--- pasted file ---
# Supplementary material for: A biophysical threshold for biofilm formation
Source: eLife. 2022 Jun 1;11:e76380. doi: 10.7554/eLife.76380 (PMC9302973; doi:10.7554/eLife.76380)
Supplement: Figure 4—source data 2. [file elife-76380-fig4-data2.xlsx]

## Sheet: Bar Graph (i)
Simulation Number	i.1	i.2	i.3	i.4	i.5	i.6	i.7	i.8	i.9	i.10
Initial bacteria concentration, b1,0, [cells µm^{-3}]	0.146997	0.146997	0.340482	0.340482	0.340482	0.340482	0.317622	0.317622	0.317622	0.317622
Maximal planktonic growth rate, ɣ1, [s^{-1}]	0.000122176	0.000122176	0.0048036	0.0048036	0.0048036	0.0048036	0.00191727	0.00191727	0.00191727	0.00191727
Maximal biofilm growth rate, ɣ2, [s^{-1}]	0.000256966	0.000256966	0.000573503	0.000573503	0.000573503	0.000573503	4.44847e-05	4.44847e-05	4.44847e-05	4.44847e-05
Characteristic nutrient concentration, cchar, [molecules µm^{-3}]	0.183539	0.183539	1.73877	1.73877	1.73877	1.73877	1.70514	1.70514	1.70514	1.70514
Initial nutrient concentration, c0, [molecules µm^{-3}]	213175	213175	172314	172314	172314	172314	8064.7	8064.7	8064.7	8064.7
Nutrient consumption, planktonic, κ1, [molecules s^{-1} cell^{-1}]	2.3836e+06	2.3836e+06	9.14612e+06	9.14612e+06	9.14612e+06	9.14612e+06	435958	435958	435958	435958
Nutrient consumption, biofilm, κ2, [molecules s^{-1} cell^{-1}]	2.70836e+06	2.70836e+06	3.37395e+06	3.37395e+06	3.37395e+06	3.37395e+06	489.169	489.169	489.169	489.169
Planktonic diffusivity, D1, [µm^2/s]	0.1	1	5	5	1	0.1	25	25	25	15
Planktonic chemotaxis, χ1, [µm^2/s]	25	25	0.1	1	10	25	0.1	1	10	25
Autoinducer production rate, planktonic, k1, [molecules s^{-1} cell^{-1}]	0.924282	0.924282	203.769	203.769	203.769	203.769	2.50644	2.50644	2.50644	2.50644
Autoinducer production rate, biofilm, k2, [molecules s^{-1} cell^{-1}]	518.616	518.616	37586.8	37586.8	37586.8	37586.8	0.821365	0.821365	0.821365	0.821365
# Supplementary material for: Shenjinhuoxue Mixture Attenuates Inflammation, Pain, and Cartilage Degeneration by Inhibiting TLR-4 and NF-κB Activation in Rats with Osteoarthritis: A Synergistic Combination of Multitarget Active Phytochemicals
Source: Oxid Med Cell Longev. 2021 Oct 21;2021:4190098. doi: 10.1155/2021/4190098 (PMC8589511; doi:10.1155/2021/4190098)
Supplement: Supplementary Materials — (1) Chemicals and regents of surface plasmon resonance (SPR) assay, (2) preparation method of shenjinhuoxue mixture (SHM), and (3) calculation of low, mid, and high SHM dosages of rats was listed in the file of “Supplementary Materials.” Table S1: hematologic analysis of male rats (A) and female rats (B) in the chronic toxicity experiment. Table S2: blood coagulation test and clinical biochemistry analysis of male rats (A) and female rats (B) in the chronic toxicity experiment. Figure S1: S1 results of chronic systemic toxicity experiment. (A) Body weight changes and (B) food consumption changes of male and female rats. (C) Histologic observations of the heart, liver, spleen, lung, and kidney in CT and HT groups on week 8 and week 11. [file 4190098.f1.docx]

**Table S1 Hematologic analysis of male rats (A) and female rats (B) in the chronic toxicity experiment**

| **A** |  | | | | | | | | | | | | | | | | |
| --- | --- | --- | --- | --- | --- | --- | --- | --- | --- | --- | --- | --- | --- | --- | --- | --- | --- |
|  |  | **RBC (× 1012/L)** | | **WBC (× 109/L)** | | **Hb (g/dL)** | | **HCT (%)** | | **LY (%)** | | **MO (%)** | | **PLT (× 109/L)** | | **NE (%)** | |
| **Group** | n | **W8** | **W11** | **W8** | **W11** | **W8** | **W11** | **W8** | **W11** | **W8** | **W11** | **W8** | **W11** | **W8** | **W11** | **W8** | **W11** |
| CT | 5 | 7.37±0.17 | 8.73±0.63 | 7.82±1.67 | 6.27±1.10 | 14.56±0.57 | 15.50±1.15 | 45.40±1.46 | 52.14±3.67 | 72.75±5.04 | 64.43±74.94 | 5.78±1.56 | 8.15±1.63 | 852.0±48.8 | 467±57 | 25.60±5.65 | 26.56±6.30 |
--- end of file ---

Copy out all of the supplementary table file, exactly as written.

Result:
# Supplementary material for: A biophysical threshold for biofilm formation
Source: eLife. 2022 Jun 1;11:e76380. doi: 10.7554/eLife.76380 (PMC9302973; doi:10.7554/eLife.76380)
Supplement: Figure 4—source data 2. [file elife-76380-fig4-data2.xlsx]

## Sheet: Bar Graph (i)
Simulation Number	i.1	i.2	i.3	i.4	i.5	i.6	i.7	i.8	i.9	i.10
Initial bacteria concentration, b1,0, [cells µm^{-3}]	0.146997	0.146997	0.340482	0.340482	0.340482	0.340482	0.317622	0.317622	0.317622	0.317622
Maximal planktonic growth rate, ɣ1, [s^{-1}]	0.000122176	0.000122176	0.0048036	0.0048036	0.0048036	0.0048036	0.00191727	0.00191727	0.00191727	0.00191727
Maximal biofilm growth rate, ɣ2, [s^{-1}]	0.000256966	0.000256966	0.000573503	0.000573503	0.000573503	0.000573503	4.44847e-05	4.44847e-05	4.44847e-05	4.44847e-05
Characteristic nutrient concentration, cchar, [molecules µm^{-3}]	0.183539	0.183539	1.73877	1.73877	1.73877	1.73877	1.70514	1.70514	1.70514	1.70514
Initial nutrient concentration, c0, [molecules µm^{-3}]	213175	213175	172314	172314	172314	172314	8064.7	8064.7	8064.7	8064.7
Nutrient consumption, planktonic, κ1, [molecules s^{-1} cell^{-1}]	2.3836e+06	2.3836e+06	9.14612e+06	9.14612e+06	9.14612e+06	9.14612e+06	435958	435958	435958	435958
Nutrient consumption, biofilm, κ2, [molecules s^{-1} cell^{-1}]	2.70836e+06	2.70836e+06	3.37395e+06	3.37395e+06	3.37395e+06	3.37395e+06	489.169	489.169	489.169	489.169
Planktonic diffusivity, D1, [µm^2/s]	0.1	1	5	5	1	0.1	25	25	25	15
Planktonic chemotaxis, χ1, [µm^2/s]	25	25	0.1	1	10	25	0.1	1	10	25
Autoinducer production rate, planktonic, k1, [molecules s^{-1} cell^{-1}]	0.924282	0.924282	203.769	203.769	203.769	203.769	2.50644	2.50644	2.50644	2.50644
Autoinducer production rate, biofilm, k2, [molecules s^{-1} cell^{-1}]	518.616	518.616	37586.8	37586.8	37586.8	37586.8	0.821365	0.821365	0.821365	0.821365
# Supplementary material for: Shenjinhuoxue Mixture Attenuates Inflammation, Pain, and Cartilage Degeneration by Inhibiting TLR-4 and NF-κB Activation in Rats with Osteoarthritis: A Synergistic Combination of Multitarget Active Phytochemicals
Source: Oxid Med Cell Longev. 2021 Oct 21;2021:4190098. doi: 10.1155/2021/4190098 (PMC8589511; doi:10.1155/2021/4190098)
Supplement: Supplementary Materials — (1) Chemicals and regents of surface plasmon resonance (SPR) assay, (2) preparation method of shenjinhuoxue mixture (SHM), and (3) calculation of low, mid, and high SHM dosages of rats was listed in the file of “Supplementary Materials.” Table S1: hematologic analysis of male rats (A) and female rats (B) in the chronic toxicity experiment. Table S2: blood coagulation test and clinical biochemistry analysis of male rats (A) and female rats (B) in the chronic toxicity experiment. Figure S1: S1 results of chronic systemic toxicity experiment. (A) Body weight changes and (B) food consumption changes of male and female rats. (C) Histologic observations of the heart, liver, spleen, lung, and kidney in CT and HT groups on week 8 and week 11. [file 4190098.f1.docx]

**Table S1 Hematologic analysis of male rats (A) and female rats (B) in the chronic toxicity experiment**

| **A** |  | | | | | | | | | | | | | | | | |
| --- | --- | --- | --- | --- | --- | --- | --- | --- | --- | --- | --- | --- | --- | --- | --- | --- | --- |
|  |  | **RBC (× 1012/L)** | | **WBC (× 109/L)** | | **Hb (g/dL)** | | **HCT (%)** | | **LY (%)** | | **MO (%)** | | **PLT (× 109/L)** | | **NE (%)** | |
| **Group** | n | **W8** | **W11** | **W8** | **W11** | **W8** | **W11** | **W8** | **W11** | **W8** | **W11** | **W8** | **W11** | **W8** | **W11** | **W8** | **W11** |
| CT | 5 | 7.37±0.17 | 8.73±0.63 | 7.82±1.67 | 6.27±1.10 | 14.56±0.57 | 15.50±1.15 | 45.40±1.46 | 52.14±3.67 | 72.75±5.04 | 64.43±74.94 | 5.78±1.56 | 8.15±1.63 | 852.0±48.8 | 467±57 | 25.60±5.65 | 26.56±6.30 |